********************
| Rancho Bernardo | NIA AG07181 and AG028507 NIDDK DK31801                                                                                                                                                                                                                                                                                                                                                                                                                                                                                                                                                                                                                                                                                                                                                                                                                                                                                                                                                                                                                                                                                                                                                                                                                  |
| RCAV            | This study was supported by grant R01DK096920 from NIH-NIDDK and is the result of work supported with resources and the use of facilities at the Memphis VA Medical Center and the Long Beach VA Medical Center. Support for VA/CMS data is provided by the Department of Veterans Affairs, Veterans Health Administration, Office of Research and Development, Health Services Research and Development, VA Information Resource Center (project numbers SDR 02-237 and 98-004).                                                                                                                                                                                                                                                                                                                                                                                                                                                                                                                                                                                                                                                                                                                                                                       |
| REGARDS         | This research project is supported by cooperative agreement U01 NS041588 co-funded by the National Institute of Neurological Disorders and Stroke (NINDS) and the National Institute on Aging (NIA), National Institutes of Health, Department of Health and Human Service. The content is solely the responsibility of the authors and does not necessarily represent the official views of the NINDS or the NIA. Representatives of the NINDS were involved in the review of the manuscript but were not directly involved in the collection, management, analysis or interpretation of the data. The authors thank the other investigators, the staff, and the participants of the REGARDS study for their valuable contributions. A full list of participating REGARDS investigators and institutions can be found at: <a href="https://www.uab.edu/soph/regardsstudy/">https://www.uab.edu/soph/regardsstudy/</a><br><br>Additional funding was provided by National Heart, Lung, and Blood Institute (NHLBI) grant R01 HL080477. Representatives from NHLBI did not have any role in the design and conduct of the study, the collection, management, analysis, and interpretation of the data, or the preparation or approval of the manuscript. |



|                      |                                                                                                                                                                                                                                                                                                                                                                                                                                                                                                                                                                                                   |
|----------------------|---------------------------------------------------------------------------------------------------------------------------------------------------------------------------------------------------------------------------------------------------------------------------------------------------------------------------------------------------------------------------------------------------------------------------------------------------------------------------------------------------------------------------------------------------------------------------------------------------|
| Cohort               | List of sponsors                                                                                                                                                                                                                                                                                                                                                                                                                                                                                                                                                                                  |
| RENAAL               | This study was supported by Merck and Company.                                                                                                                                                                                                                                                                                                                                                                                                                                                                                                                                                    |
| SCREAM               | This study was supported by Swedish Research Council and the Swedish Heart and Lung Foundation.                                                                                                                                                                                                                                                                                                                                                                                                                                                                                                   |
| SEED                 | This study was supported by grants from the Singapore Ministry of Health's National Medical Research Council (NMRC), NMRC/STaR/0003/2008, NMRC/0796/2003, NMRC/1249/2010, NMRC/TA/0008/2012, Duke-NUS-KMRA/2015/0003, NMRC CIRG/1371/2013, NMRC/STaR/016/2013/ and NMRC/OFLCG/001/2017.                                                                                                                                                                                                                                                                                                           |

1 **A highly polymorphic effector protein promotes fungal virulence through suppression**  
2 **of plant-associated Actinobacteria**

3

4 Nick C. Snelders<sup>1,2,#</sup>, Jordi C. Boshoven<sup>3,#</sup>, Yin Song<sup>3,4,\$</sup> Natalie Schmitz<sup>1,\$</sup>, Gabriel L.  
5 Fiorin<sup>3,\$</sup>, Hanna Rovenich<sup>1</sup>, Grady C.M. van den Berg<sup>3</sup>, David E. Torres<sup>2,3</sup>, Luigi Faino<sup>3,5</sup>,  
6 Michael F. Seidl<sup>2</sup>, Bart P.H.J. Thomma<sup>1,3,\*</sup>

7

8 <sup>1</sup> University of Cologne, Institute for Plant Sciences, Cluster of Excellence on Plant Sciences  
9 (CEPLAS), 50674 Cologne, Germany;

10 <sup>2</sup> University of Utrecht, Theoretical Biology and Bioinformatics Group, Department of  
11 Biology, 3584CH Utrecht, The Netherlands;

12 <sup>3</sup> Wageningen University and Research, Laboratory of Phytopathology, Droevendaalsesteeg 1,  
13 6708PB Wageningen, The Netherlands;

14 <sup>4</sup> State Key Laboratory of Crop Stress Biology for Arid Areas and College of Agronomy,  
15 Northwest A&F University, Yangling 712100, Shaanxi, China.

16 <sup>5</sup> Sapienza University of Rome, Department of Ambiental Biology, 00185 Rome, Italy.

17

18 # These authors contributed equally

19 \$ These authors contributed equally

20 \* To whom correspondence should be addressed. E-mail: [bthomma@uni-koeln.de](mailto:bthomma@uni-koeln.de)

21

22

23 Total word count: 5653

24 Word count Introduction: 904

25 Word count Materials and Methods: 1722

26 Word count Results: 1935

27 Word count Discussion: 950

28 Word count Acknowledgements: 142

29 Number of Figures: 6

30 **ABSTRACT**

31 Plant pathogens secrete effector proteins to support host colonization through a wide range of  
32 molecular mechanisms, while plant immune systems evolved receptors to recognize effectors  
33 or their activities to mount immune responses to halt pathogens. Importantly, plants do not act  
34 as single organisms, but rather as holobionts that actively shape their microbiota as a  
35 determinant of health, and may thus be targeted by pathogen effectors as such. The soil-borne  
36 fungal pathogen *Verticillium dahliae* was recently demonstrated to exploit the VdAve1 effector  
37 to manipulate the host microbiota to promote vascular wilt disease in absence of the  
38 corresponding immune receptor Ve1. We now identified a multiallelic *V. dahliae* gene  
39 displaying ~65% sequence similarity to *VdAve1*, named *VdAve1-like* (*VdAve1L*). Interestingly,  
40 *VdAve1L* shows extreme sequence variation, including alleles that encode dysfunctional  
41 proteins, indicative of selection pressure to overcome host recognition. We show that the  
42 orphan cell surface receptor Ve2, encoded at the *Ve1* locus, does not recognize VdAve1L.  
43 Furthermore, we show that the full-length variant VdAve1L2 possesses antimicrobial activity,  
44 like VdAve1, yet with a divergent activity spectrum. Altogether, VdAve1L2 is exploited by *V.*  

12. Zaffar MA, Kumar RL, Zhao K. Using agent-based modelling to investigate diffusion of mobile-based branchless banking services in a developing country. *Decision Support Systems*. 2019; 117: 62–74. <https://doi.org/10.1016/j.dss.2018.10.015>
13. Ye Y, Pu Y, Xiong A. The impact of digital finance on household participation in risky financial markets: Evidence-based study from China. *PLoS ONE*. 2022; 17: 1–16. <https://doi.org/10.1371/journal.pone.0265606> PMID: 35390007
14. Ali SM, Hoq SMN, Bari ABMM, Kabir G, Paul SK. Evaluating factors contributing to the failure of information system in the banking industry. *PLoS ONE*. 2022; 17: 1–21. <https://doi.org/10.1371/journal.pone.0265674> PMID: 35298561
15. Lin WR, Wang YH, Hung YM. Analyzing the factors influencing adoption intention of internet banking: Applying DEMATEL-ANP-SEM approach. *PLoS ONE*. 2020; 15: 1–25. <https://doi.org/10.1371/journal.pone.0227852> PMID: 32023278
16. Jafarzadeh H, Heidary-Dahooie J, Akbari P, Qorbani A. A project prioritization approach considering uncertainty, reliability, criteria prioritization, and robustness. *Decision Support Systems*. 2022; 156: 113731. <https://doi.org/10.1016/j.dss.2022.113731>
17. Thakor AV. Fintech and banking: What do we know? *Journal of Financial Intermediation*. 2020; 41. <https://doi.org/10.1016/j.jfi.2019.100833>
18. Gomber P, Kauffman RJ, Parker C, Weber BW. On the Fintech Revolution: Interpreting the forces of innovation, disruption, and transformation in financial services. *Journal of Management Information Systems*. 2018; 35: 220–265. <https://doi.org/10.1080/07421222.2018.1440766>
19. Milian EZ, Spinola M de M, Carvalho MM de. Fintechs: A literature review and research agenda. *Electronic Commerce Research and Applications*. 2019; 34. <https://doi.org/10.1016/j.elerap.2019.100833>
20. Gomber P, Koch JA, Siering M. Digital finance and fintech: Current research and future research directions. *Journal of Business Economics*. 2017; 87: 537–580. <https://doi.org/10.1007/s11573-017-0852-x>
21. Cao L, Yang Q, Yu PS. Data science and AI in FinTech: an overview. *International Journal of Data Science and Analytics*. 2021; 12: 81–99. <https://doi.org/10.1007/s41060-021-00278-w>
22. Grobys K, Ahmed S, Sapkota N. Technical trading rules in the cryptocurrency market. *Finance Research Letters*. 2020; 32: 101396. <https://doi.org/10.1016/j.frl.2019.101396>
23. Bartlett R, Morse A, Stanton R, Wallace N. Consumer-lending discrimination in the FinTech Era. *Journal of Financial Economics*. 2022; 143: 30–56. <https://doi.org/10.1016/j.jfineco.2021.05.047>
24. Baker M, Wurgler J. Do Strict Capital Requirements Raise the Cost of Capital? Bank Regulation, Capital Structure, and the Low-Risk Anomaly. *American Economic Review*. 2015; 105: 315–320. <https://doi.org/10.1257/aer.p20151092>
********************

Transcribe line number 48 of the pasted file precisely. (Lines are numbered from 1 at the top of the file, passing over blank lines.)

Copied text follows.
39 displaying ~65% sequence similarity to *VdAve1*, named *VdAve1-like* (*VdAve1L*). Interestingly,  